Up for auction next month is a pristine, barely used version of Ford’s legendary Ferrari-killing supercar – the Ford GT. And we’re not talking about the newly released 6-cylinder ecoboost version either. No, this is one of the second-gen, full-fat supercharged V8 models.
This particular Ford GT in Midnight Blue, number 1,664 of 2,011 built in total, has just 60 miles on the clock and to top it off used to be owned by the one and only Jeremy Clarkson. Are the warning bells ringing yet? They should be.
Clarkson took delivery of the car in May 2005, and from the onset it was clear that life with his new Ford GT was going to involve a couple of compromises.
On his first run to London, Clarkson discovered that the GT’s ability to turn heads was second-to-none. “Everyone was taking pictures, waving, giving me the thumb’s up,” Clarkson wrote at the time. “Never, not once in 15 years of road testing cars, had anything drawn such a massive crowd. And never had the crowd been so overtly supportive.”
“It’s too wide for the width restrictions on Hammersmith bridge — backing up earned me a slot on the traffic news that morning,” Clarkson added. “The turning circle means every mini roundabout becomes a three-point turn, and at oblique junctions, as is the case in a Ferrari Enzo, you absolutely cannot see if anything’s coming.”
But unfortunately things started to go very wrong three days later, after Clarkson drove his GT to Dunsfold Park to film an episode of Top Gear.
As he attempted to leave the studio at the end of the day and make the long journey home, the GT’s engine immobiliser refused to un-immobilise itself – and so it had to be pushed into a hangar and Clarkson went home instead in a rented Toyota Corolla. For shame.
“Ford sent a tow truck, changed the immobiliser and delivered the car to my house the following day,” Clarkson revealed. “Is it fixed? I asked. Yes, they said. It wasn’t.”
“At three in the morning the alarm blew. And then again at four. This meant my wife started to refer to it as ‘that fucking car’, which took away a bit of the sheen, if I’m honest.”
While driving his GT back to the garage the very next day, Clarkson received a phone call from the vehicle tracking company which monitors the car alarm. “Your car’s been stolen, sir,” they told him. “I’m sure it hasn’t,” Clarkson replied. “because I’m in it.”
Fearing Clarkson might have been the burglar, the man asked him for the password. “Tricky one that,” Clarkson says. “Since I have a different password for everything on the internet and can never remember any of them. And that’s a big problem, because the man at the end of the phone has the power to remotely shut down the engine.”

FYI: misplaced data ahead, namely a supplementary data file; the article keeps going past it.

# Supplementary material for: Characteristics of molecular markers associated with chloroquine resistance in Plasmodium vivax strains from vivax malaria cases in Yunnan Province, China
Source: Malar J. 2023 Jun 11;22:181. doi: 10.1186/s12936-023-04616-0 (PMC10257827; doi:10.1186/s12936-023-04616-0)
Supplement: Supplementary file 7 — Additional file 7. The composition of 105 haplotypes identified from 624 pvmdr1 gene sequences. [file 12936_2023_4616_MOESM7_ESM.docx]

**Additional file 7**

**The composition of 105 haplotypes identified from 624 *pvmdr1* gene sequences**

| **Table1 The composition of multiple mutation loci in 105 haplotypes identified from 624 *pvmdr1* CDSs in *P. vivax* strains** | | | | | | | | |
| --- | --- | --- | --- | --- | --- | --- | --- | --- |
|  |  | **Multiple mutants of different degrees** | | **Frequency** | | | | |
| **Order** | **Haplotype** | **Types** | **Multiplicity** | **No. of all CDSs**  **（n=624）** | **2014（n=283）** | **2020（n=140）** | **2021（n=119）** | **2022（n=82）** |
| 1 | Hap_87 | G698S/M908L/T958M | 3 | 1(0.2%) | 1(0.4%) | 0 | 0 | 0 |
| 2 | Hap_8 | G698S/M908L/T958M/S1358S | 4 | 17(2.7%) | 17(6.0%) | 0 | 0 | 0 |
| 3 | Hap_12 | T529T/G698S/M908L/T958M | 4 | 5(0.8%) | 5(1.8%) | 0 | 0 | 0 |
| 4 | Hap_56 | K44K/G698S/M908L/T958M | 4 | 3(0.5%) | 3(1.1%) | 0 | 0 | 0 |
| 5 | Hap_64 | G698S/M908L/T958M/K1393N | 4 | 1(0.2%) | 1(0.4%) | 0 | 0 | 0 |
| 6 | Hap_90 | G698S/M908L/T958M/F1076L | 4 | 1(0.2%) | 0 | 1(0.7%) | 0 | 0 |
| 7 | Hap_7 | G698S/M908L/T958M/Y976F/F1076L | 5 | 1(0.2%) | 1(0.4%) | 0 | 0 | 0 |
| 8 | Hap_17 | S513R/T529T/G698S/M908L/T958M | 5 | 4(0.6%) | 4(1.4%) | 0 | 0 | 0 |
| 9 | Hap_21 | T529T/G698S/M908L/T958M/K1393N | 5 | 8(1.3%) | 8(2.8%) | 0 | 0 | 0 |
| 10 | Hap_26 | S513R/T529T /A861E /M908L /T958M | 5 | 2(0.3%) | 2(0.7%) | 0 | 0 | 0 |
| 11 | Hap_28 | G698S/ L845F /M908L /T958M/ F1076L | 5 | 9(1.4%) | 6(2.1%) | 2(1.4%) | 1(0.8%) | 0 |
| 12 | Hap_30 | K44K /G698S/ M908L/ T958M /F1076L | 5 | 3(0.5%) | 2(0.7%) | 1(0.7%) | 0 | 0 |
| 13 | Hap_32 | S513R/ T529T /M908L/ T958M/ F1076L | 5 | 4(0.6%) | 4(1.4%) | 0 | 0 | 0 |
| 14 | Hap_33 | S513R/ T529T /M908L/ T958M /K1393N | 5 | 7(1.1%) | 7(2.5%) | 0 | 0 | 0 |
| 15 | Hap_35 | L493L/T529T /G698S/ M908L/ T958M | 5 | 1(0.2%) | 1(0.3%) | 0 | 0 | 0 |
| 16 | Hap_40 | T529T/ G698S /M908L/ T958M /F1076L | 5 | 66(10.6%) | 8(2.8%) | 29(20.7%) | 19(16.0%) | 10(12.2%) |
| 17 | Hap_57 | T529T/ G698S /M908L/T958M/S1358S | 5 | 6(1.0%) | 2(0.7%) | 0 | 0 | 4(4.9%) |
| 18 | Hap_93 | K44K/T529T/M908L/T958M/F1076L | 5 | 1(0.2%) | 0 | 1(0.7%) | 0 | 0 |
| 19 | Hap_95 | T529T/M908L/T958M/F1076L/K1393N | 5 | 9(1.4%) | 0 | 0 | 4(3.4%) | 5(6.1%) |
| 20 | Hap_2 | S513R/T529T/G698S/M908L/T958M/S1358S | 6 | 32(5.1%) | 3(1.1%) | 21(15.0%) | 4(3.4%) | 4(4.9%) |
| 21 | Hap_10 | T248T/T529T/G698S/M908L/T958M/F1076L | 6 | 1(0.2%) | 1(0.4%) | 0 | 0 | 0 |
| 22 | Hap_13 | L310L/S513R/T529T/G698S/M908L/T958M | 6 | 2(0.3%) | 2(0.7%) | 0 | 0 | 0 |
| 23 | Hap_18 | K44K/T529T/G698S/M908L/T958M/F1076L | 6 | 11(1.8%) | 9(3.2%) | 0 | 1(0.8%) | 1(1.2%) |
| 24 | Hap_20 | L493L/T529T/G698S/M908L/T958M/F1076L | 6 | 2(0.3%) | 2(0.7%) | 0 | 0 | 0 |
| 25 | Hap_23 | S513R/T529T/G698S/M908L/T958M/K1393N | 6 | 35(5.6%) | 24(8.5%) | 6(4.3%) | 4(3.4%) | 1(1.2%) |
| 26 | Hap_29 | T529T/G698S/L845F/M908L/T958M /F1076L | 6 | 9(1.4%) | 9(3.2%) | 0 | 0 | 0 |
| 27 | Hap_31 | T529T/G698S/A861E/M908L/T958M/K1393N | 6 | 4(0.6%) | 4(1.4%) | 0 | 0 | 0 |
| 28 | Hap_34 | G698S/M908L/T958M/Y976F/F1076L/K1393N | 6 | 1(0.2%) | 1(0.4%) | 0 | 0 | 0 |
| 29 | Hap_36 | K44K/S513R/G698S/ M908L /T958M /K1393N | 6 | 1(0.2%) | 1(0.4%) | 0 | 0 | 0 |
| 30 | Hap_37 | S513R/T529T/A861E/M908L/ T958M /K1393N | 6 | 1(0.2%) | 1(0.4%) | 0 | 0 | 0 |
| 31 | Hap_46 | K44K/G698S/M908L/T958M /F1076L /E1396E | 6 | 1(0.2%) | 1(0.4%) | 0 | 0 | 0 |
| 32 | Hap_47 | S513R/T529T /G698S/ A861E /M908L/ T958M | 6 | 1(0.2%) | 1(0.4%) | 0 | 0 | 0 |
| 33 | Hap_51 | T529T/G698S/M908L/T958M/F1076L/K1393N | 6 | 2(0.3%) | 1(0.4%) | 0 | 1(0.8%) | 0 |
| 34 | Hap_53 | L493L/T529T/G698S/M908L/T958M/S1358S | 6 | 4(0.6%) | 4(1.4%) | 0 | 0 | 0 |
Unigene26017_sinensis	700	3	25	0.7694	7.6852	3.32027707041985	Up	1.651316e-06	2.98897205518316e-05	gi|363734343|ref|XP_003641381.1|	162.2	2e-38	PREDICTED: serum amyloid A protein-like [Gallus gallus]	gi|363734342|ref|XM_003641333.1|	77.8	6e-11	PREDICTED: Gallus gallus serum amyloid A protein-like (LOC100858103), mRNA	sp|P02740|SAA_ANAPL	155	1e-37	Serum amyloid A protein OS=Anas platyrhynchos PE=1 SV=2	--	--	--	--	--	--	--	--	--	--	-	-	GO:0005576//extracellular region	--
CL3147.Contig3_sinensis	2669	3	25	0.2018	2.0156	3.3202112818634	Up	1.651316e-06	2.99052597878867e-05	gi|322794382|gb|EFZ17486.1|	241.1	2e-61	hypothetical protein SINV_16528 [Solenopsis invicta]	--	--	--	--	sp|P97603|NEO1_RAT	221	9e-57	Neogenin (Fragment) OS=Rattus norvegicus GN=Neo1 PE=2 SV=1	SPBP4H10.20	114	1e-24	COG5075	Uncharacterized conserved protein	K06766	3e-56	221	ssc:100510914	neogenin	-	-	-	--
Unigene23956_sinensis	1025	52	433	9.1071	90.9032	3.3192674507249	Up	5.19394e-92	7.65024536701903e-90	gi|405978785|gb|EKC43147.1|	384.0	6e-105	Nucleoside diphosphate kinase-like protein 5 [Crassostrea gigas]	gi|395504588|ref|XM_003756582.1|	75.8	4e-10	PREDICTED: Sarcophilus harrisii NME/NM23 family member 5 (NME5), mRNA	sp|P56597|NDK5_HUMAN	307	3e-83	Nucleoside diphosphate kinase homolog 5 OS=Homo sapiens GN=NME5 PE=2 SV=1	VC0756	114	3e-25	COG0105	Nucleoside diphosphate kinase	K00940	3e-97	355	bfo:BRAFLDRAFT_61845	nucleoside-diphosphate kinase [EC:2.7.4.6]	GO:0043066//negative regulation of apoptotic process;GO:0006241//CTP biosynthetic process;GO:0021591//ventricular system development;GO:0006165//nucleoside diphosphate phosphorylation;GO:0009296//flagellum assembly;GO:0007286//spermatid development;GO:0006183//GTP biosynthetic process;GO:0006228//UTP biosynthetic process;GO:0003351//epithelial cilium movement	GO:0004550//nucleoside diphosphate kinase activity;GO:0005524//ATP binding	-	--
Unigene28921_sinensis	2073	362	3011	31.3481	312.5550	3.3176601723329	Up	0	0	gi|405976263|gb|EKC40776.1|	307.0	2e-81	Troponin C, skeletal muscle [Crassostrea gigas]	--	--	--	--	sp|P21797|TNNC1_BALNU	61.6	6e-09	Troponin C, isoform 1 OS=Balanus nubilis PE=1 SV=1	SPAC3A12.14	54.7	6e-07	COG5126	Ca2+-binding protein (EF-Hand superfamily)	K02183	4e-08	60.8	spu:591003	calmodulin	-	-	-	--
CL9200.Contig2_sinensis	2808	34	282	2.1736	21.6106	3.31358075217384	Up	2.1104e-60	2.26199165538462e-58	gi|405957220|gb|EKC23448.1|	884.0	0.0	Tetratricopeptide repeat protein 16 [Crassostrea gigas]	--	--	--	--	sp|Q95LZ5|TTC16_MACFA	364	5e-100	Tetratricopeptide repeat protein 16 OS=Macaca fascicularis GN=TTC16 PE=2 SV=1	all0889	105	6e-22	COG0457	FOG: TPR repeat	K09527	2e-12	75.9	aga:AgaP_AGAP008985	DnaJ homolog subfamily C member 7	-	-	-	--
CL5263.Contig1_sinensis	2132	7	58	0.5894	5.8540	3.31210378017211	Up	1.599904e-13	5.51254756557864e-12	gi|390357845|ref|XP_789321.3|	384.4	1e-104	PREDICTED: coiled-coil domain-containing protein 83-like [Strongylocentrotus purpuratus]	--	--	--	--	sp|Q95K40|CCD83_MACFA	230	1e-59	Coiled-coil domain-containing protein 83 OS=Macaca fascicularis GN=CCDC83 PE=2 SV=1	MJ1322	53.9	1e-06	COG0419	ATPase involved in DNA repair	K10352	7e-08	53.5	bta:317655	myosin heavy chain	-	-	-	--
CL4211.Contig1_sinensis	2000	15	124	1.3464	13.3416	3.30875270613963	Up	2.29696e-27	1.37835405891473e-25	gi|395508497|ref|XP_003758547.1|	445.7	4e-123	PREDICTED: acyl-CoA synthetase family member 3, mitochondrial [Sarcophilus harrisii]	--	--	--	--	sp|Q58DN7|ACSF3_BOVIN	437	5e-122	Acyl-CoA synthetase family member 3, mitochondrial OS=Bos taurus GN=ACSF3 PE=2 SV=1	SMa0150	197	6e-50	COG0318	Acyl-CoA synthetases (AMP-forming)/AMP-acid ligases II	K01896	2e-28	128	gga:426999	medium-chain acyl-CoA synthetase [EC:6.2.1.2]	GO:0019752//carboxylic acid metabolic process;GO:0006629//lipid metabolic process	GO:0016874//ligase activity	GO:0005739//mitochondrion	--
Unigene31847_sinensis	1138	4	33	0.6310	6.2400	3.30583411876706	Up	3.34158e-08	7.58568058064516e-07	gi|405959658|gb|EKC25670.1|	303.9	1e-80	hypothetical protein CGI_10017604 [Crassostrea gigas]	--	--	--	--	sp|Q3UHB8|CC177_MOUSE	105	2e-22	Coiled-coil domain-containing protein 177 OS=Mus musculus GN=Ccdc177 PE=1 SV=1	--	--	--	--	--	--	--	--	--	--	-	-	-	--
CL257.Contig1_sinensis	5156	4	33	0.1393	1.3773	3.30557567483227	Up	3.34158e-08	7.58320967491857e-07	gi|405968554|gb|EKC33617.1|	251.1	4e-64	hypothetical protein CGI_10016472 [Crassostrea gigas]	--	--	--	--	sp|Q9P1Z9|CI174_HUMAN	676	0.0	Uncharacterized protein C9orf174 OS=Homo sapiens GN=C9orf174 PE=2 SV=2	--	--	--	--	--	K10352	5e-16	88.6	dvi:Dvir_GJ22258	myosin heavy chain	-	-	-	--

“I threatened him, lightly, with some physical harm, but this didn’t work so I had to guess. “Aardvark,” I ventured. “Abacus, Aesop, additional…”
Eventually he took pity and Clarkson was able to deliver the car back to Ford with some stern warnings about the alarm, the immobiliser and the tracker system, all of which seemed to be malfunctioning. As a courtesy car they gave him a Ford Focus, with a diesel engine. Nice.
Two days later Clarkson’s GT was back. “Is it fixed?” he asked, again. “Yes,” they told him.
“Five minutes out of the Ford garage I received a text to say my car had been stolen. And then, in the next half hour, three more. So, counting the two I’d received before I was even out of bed, that meant my car had been stolen five times before 9am.” – Jeremy Clarkson
It was at this moment that Clarkson phoned Ford and calmly explained that he would personally come over and insert the whole car up the company chairman’s backside if it wasn’t fixed. And while I was on the phone a yellow warning light came on the dash.
“There’s a yellow warning light on the dash,” Clarkson bellowed. “Oh, that’ll be something to do with the engine management system, said the man with the bleeding ears. You’ll need to get it looked at…”
When Clarkson’s GT was delivered to his house after its third hospital trip in as many weeks, he didn’t bother asking whether the security system had been fixed, “Because the notion of it still being broken was simply inconceivable,” he said.
So imagine his surprise when, one hour later, while at his daughter’s school play, he heard a familiar siren. “I couldn’t believe it,” Clarkson said. “The alarm had gone off again.”
“I then did something the man at Ford wasn’t expecting. I asked for my money back. And that, the next day, is what happened.”
The Ford GT was, as Clarkson put it, “A 35-year dream. A two-year wait. Ten years of damn hard work. The most miserable month’s motoring it is possible to imagine.”
So dear reader, are you really surprised that some 12 years later, Clarkson’s GT is up for sale again with just 60 miles on the clock? And would you be willing to roll the dice on paying the projected $275,000 to $350,000 price tag in order to purchase one of the unluckiest pieces of automotive history?